Dilution in Mixing Zones - ChemPRIME

Dilution in Mixing Zones

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Is Dilution the Solution to Pollution?

To maintain overall water quality in areas which may experience point source pollution, areas known as mixing zones are sometimes used. The Environmental Protection Agency (EPA) defines a mixing zone as “a limited area or volume of water where initial dilution of a discharge takes place and where numeric water quality criteria can be exceeded but acutely toxic conditions are prevented.” [1]

The EPA has an established list of guidelines for maximum levels of pollutants, including microbial, organic, inorganic, and radioactive substances. States may also institute their own guidelines for mixing zone pollutant levels. The goal of a mixing zone is to have an allocated area of impact where pollutant levels are allowed to exceed the desired or safe limits. Through natural mixing of the polluted water with fresh ambient water, the pollutants should become diluted to acceptable or safe levels by the time the perimeter of the mixing zone is reached. The area in which pollutant concentrations exceed standard limits is referred to as the zone of initial dilution (ZID)[2]. The EPA is seeking to end the use of mixing zones for certain substances which are particularly hazardous or which may bioaccumulate in the food chain.

A mixing zone in a river or stream, outlining the regions of differing concentrations
A mixing zone in a lake, in which a strong current is not present.

Within the mixing zone, there are different sub regions which vary in concentration of pollutants.

  • The criterion maximum concentration (CMC) is the highest acceptable concentration which may be present within the region closest to the pollution point source and represents a concentration at which an organism can be exposed for a brief period of time without experiencing acute affects.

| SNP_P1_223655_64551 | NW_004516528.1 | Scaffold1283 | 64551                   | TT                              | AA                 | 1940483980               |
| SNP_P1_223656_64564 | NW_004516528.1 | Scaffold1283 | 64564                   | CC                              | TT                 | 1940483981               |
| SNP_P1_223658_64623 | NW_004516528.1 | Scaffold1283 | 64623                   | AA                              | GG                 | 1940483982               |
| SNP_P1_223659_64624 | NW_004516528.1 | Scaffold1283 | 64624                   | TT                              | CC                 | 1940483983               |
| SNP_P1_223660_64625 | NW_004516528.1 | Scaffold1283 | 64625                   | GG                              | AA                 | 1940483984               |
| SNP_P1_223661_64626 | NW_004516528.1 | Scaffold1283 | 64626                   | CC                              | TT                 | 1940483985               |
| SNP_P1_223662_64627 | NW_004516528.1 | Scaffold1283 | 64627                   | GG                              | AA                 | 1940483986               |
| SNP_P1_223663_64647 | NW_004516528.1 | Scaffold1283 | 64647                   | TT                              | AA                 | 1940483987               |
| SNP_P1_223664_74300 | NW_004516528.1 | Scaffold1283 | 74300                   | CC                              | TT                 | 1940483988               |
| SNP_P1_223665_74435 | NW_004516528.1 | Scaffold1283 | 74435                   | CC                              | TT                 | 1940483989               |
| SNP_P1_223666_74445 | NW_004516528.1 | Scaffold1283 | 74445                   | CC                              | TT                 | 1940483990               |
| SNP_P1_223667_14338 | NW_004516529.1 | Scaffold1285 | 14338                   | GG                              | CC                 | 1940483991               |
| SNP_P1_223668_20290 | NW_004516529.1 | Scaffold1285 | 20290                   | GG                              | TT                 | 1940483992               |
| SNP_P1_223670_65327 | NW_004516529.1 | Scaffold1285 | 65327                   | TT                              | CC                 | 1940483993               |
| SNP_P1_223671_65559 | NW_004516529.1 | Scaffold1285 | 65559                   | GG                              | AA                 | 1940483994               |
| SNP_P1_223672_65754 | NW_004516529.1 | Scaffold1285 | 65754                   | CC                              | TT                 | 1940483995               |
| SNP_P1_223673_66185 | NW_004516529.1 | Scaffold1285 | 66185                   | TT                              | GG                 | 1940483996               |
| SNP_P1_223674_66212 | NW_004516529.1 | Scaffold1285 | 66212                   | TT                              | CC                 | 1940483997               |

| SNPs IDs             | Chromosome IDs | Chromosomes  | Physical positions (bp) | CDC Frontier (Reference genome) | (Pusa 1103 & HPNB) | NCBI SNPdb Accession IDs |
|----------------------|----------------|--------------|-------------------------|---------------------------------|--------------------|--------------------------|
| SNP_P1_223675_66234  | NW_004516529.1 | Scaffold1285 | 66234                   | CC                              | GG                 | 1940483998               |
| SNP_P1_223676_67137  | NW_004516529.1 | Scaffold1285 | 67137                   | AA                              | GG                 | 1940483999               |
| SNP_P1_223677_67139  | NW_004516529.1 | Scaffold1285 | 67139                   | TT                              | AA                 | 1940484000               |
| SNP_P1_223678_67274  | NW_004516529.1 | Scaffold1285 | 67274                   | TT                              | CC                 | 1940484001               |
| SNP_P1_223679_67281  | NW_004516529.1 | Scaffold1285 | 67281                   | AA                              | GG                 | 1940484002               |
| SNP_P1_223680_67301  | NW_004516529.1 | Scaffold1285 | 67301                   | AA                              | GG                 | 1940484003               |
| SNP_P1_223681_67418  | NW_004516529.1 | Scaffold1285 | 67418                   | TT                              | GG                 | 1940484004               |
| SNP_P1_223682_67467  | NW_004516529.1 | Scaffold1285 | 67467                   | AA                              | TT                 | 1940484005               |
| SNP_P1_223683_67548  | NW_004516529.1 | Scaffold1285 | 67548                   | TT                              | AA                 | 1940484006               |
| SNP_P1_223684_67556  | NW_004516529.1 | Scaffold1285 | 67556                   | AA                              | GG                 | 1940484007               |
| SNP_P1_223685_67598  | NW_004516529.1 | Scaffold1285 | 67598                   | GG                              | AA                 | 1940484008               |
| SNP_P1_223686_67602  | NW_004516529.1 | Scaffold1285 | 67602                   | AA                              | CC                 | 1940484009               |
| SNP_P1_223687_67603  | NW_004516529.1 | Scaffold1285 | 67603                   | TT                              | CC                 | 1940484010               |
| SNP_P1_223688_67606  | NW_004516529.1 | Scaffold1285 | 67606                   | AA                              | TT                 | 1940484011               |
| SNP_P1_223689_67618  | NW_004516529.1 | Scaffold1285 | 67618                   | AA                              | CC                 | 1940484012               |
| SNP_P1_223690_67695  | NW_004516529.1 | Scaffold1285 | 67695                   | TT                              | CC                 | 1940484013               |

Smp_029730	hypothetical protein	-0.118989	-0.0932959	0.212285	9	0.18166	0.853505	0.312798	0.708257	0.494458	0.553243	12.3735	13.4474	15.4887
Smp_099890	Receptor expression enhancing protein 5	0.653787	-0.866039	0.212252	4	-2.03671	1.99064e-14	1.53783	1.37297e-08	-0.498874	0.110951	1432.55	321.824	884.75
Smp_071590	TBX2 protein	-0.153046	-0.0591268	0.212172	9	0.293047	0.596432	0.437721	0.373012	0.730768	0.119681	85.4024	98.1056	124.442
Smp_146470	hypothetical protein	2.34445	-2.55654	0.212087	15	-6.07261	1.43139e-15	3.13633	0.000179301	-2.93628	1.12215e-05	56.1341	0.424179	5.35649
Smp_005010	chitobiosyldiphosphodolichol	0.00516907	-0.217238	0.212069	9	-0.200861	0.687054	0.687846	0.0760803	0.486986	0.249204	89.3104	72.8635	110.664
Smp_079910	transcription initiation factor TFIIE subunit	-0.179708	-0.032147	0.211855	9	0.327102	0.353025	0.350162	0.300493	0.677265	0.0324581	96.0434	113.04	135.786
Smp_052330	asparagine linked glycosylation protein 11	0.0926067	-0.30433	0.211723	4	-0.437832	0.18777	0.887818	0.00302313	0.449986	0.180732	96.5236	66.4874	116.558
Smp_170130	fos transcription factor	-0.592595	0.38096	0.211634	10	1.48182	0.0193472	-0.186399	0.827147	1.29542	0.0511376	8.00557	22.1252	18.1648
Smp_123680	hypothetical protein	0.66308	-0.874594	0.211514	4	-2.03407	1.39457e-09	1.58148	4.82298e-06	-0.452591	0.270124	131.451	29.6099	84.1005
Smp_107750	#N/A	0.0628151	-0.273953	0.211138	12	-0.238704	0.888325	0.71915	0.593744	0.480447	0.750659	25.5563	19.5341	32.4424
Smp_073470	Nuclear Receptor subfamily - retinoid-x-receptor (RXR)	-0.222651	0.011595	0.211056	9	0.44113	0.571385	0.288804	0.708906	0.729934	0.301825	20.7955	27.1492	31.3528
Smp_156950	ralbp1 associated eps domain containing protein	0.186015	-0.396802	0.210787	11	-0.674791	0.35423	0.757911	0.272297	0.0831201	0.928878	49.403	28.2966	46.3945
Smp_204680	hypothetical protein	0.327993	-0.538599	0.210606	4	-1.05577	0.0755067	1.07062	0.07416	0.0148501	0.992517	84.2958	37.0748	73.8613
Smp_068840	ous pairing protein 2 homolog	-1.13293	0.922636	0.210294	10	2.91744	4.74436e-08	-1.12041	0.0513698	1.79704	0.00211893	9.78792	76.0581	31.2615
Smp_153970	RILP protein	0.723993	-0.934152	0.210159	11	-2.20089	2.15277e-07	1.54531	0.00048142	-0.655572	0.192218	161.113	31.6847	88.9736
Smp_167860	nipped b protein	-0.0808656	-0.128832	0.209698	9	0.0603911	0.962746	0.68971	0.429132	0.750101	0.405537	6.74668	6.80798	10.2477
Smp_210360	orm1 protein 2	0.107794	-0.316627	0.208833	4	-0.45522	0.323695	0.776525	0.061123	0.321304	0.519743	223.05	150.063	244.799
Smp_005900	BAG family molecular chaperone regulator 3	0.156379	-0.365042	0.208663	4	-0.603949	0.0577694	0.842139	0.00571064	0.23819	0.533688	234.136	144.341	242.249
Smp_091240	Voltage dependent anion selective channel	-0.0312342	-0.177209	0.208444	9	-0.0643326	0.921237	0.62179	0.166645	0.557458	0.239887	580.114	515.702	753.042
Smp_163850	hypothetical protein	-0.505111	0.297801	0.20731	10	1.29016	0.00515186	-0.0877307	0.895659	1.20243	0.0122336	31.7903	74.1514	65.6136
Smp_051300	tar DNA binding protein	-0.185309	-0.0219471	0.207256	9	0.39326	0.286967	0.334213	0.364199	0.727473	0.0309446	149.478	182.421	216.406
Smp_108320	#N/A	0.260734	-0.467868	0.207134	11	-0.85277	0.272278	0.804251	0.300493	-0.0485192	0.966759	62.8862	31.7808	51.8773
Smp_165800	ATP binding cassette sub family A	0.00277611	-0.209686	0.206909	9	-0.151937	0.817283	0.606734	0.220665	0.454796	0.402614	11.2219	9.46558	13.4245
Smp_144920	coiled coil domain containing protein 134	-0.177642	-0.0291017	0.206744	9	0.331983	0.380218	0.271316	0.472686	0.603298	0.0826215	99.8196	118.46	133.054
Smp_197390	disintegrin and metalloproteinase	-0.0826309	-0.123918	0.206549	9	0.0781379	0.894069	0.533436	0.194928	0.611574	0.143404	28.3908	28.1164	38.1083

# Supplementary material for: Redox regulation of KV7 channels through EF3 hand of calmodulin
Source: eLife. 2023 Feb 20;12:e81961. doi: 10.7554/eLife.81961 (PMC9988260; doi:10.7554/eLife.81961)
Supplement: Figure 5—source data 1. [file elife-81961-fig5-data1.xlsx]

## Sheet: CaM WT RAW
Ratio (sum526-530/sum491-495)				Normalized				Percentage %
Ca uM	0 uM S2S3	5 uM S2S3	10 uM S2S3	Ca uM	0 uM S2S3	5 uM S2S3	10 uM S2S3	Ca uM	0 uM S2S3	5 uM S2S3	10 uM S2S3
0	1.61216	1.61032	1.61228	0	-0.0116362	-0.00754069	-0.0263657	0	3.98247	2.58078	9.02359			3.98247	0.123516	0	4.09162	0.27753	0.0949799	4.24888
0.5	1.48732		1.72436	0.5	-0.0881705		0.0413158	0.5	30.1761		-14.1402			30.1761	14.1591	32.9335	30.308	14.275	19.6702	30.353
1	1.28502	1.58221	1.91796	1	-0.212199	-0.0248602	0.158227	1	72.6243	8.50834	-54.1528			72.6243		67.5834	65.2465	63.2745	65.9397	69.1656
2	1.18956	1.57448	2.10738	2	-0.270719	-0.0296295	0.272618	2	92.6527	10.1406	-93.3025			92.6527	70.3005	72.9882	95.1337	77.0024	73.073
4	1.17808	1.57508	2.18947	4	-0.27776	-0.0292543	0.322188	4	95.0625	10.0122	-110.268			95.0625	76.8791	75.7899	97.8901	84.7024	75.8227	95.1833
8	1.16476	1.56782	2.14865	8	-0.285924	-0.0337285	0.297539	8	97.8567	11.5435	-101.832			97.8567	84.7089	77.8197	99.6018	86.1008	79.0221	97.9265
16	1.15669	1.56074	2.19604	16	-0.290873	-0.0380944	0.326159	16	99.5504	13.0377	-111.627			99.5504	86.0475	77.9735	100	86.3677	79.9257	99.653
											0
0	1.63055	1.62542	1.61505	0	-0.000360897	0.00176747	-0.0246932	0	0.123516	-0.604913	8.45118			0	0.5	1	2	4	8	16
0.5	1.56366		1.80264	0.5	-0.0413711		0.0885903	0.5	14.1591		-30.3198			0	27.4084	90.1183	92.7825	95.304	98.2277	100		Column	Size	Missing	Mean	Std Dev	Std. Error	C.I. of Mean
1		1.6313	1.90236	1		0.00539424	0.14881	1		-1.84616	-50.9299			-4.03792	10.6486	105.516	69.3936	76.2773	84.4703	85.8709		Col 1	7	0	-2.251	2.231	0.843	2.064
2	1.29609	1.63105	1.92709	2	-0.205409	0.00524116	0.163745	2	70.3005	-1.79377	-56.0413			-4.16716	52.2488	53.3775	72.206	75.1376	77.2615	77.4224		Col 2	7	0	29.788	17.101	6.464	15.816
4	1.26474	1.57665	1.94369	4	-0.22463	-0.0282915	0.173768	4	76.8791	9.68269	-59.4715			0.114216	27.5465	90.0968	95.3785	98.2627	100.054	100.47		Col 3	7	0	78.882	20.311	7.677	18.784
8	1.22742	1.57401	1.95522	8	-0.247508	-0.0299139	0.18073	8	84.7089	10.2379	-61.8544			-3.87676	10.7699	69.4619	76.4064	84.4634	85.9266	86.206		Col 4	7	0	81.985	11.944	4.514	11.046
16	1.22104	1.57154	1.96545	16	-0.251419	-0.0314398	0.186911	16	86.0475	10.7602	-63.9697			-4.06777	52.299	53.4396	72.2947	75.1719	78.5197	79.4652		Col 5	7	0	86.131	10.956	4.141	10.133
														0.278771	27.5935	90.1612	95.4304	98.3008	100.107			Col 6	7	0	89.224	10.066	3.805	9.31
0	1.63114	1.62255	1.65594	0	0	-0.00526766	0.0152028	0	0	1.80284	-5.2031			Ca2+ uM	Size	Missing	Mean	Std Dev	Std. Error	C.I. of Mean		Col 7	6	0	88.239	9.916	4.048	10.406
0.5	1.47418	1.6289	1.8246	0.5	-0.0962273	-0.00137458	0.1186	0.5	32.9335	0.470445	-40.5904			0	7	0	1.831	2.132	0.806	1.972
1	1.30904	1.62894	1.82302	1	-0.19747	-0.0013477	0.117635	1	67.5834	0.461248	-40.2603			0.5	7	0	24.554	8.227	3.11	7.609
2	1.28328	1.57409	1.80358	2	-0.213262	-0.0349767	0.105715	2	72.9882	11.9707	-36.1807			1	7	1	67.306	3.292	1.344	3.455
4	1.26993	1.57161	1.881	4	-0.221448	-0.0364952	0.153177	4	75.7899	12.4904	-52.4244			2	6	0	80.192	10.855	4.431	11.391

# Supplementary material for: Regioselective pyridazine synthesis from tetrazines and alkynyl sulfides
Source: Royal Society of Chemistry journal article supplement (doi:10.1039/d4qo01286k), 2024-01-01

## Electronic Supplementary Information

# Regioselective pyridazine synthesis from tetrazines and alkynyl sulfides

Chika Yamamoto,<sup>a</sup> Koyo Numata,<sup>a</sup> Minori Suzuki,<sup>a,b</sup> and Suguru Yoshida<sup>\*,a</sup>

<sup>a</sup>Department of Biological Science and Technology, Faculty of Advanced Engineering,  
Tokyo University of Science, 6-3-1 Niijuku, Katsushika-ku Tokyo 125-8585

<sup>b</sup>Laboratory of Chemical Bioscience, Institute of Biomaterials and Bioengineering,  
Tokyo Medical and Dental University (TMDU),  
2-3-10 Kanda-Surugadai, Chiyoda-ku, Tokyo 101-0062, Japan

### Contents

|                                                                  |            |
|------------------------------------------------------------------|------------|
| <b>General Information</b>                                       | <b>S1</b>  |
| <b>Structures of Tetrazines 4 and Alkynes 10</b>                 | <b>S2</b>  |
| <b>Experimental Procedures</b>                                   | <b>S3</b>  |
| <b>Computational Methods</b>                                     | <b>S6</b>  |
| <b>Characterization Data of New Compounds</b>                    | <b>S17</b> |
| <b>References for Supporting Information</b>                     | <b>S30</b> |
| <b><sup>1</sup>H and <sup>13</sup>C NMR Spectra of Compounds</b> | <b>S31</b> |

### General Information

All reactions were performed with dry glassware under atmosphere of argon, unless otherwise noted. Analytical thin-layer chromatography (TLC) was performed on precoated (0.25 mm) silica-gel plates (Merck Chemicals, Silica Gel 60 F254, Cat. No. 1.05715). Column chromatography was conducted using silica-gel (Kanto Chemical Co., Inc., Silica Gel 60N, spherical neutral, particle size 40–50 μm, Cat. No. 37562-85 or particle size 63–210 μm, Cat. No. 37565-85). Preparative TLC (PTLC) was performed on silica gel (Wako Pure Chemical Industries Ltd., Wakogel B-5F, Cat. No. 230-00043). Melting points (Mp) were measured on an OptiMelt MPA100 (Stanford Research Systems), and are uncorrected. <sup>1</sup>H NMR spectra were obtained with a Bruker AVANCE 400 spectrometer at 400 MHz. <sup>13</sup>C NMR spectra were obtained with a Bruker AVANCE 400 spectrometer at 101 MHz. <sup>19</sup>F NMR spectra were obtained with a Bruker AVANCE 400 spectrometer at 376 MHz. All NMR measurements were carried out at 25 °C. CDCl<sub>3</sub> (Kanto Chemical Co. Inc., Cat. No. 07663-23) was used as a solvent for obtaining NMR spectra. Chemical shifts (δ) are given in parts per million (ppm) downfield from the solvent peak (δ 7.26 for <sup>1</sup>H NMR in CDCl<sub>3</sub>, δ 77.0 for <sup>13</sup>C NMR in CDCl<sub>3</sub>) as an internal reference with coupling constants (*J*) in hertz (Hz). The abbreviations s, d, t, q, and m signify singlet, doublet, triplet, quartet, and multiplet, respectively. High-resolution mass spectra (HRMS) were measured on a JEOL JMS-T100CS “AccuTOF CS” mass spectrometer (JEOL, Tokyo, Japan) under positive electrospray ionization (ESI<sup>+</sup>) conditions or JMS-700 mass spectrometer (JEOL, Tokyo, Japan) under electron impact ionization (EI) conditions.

• Farther out is the criterion continuous concentration (CCC) region which is the maximum concentration for a particular pollutant to which an organism can be exposed to indefinitely without experiencing chronic effects.
  • The reference ambient concentration (RAC) is the maximum concentration of a pollutant which will not adversely affect human health. All of these concentrations are typically expressed as mg/L.

When comparing an initial solution to one which has been diluted, knowing the initial concentration as well as the initial and final volumes allows for the diluted concentration to be determined.


5.80 x 103 L of 0.0271 M formaldehyde is released from the outfall of a textile finishing plant. The designated mixing zone maintains an average volume of 3.5 x 108 L. Assuming equal mixing takes place, what is the concentration of formaldehyde within the mixing zone?


To determine the concentration of the diluted solution in the mixing zone, we must first determine the amount of formaldehyde (CH2O) present in the concentrated solution:

\text{n}_{\text{formaldehyde}}&=V_{\text{formaldehyde}}\text{ }
\times \text{ }c_{\text{formaldehyde}}\\